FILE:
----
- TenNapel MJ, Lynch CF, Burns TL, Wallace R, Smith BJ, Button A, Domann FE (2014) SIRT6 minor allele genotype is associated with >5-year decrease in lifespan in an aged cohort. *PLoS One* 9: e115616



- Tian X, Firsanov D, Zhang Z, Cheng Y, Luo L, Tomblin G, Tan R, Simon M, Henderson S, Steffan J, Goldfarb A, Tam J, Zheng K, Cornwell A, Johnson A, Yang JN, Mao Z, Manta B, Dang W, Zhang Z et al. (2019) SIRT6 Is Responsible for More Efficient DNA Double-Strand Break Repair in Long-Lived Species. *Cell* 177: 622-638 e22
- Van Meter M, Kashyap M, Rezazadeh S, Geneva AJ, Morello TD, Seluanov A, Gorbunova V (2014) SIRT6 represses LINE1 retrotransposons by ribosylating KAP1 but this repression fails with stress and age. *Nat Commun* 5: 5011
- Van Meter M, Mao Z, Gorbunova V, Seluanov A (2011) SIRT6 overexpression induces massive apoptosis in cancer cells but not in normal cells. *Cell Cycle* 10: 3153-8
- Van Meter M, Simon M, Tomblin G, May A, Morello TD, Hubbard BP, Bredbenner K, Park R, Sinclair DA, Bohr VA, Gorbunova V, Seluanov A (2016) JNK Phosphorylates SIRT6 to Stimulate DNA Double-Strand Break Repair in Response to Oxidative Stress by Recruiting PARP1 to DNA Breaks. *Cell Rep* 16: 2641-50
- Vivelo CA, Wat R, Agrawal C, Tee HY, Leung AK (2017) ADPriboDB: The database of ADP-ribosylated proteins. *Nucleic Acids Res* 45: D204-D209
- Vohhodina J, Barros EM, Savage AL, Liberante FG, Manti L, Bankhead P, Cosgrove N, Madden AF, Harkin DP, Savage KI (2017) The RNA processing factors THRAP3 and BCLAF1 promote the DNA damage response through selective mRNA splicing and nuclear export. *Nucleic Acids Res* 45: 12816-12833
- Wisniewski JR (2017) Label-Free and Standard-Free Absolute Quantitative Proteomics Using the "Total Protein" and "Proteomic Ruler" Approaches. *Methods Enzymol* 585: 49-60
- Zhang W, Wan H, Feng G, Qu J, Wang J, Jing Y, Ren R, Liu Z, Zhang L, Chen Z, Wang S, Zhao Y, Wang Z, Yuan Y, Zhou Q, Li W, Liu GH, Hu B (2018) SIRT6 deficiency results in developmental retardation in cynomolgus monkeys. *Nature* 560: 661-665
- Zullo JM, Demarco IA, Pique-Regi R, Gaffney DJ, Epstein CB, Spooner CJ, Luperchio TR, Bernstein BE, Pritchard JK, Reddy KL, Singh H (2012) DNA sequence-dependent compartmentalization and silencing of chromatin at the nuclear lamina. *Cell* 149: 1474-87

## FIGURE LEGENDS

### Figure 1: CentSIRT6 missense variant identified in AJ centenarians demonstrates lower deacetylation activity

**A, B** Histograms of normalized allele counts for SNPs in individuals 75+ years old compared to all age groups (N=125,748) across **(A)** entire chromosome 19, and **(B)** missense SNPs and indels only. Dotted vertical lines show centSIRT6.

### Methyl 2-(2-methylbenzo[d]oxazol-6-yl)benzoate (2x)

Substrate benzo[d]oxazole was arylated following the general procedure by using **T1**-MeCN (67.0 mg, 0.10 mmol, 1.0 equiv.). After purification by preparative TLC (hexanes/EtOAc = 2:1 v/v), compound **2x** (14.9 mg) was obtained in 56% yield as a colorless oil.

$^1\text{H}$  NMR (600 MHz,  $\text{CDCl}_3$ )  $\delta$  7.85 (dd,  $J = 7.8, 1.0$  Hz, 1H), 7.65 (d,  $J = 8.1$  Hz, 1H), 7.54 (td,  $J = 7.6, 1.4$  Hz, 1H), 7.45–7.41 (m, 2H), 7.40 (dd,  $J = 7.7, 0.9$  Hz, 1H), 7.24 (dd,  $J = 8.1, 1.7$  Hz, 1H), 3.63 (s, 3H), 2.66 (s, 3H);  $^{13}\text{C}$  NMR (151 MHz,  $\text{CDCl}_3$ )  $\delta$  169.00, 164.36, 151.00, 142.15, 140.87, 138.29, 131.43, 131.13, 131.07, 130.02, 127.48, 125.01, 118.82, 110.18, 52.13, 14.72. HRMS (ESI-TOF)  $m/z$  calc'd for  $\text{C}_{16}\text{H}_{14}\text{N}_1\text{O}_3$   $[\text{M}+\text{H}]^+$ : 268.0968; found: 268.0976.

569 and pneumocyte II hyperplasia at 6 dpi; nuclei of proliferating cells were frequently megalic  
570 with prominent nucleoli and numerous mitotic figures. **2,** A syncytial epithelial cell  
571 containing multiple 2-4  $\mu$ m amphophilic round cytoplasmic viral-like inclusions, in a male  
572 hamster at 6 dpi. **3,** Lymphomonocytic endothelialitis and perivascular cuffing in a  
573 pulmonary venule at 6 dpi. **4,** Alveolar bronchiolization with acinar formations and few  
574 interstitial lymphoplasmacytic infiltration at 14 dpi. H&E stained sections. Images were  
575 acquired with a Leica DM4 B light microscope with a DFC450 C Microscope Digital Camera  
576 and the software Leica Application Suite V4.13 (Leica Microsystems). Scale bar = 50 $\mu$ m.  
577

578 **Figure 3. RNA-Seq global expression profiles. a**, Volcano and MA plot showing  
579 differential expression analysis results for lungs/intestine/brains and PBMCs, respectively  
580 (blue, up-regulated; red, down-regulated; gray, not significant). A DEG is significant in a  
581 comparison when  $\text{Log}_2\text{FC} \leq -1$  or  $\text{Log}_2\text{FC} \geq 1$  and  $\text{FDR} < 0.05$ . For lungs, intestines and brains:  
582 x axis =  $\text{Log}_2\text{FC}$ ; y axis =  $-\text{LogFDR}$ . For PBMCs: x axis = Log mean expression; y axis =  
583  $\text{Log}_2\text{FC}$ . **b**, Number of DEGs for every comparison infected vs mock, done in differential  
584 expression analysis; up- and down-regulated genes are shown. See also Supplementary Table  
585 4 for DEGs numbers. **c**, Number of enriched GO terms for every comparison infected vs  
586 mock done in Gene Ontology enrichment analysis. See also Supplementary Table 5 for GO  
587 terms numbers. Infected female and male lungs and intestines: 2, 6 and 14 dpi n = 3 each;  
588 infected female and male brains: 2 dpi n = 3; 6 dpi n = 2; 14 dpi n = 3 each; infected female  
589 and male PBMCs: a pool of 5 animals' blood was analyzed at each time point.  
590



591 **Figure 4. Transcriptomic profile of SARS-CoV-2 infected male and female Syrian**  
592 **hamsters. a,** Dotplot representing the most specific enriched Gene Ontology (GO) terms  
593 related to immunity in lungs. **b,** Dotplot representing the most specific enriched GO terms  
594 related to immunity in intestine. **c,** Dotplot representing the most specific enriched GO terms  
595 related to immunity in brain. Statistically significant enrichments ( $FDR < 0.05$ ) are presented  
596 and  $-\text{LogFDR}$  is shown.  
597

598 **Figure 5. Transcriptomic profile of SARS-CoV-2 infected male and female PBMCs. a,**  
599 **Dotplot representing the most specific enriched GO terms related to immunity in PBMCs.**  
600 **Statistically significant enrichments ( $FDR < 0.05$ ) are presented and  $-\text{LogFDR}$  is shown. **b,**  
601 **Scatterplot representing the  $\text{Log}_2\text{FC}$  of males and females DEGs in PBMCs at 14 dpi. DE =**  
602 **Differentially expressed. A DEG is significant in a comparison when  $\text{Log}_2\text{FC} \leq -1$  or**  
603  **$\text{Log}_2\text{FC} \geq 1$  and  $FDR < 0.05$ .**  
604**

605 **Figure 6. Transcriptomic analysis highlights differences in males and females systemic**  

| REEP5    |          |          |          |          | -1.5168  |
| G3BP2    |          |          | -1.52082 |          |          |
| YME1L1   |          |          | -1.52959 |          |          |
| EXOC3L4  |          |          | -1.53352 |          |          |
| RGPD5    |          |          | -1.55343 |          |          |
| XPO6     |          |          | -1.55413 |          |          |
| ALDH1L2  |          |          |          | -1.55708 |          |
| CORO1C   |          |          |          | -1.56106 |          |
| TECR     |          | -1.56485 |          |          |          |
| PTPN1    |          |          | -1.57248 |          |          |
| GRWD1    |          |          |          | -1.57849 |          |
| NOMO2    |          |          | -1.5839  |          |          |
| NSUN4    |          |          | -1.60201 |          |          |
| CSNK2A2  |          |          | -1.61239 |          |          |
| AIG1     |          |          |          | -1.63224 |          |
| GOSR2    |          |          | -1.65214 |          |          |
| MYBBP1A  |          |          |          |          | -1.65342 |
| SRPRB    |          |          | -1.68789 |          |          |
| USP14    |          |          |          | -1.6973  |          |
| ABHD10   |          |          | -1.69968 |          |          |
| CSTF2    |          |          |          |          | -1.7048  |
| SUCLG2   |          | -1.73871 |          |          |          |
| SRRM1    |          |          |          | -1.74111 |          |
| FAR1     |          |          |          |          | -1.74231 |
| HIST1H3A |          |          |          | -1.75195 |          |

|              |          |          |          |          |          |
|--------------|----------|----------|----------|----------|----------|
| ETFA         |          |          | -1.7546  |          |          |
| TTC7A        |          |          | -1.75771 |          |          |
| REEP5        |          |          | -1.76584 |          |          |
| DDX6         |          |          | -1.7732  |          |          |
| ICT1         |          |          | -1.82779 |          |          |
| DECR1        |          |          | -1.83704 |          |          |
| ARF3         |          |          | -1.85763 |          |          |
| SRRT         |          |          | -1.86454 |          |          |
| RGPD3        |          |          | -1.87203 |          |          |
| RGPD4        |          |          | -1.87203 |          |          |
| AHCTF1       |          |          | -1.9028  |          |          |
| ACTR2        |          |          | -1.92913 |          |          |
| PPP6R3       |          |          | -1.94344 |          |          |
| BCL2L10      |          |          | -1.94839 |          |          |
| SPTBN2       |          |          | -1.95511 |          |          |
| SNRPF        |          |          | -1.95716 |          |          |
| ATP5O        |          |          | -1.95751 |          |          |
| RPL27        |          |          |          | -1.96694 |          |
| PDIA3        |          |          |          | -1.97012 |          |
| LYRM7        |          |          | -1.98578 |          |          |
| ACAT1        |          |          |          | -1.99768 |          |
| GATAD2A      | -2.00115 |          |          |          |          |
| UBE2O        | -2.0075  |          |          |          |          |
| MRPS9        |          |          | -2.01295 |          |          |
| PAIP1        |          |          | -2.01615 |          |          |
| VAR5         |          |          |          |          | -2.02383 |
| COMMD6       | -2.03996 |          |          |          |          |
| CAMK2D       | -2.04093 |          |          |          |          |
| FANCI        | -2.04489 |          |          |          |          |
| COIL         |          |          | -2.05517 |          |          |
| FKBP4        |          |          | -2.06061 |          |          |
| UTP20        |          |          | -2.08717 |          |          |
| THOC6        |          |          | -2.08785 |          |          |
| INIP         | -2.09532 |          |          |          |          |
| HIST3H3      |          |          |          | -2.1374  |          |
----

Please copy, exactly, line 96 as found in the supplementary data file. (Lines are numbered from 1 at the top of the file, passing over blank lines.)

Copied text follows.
| SNRPF        |          |          | -1.95716 |          |          |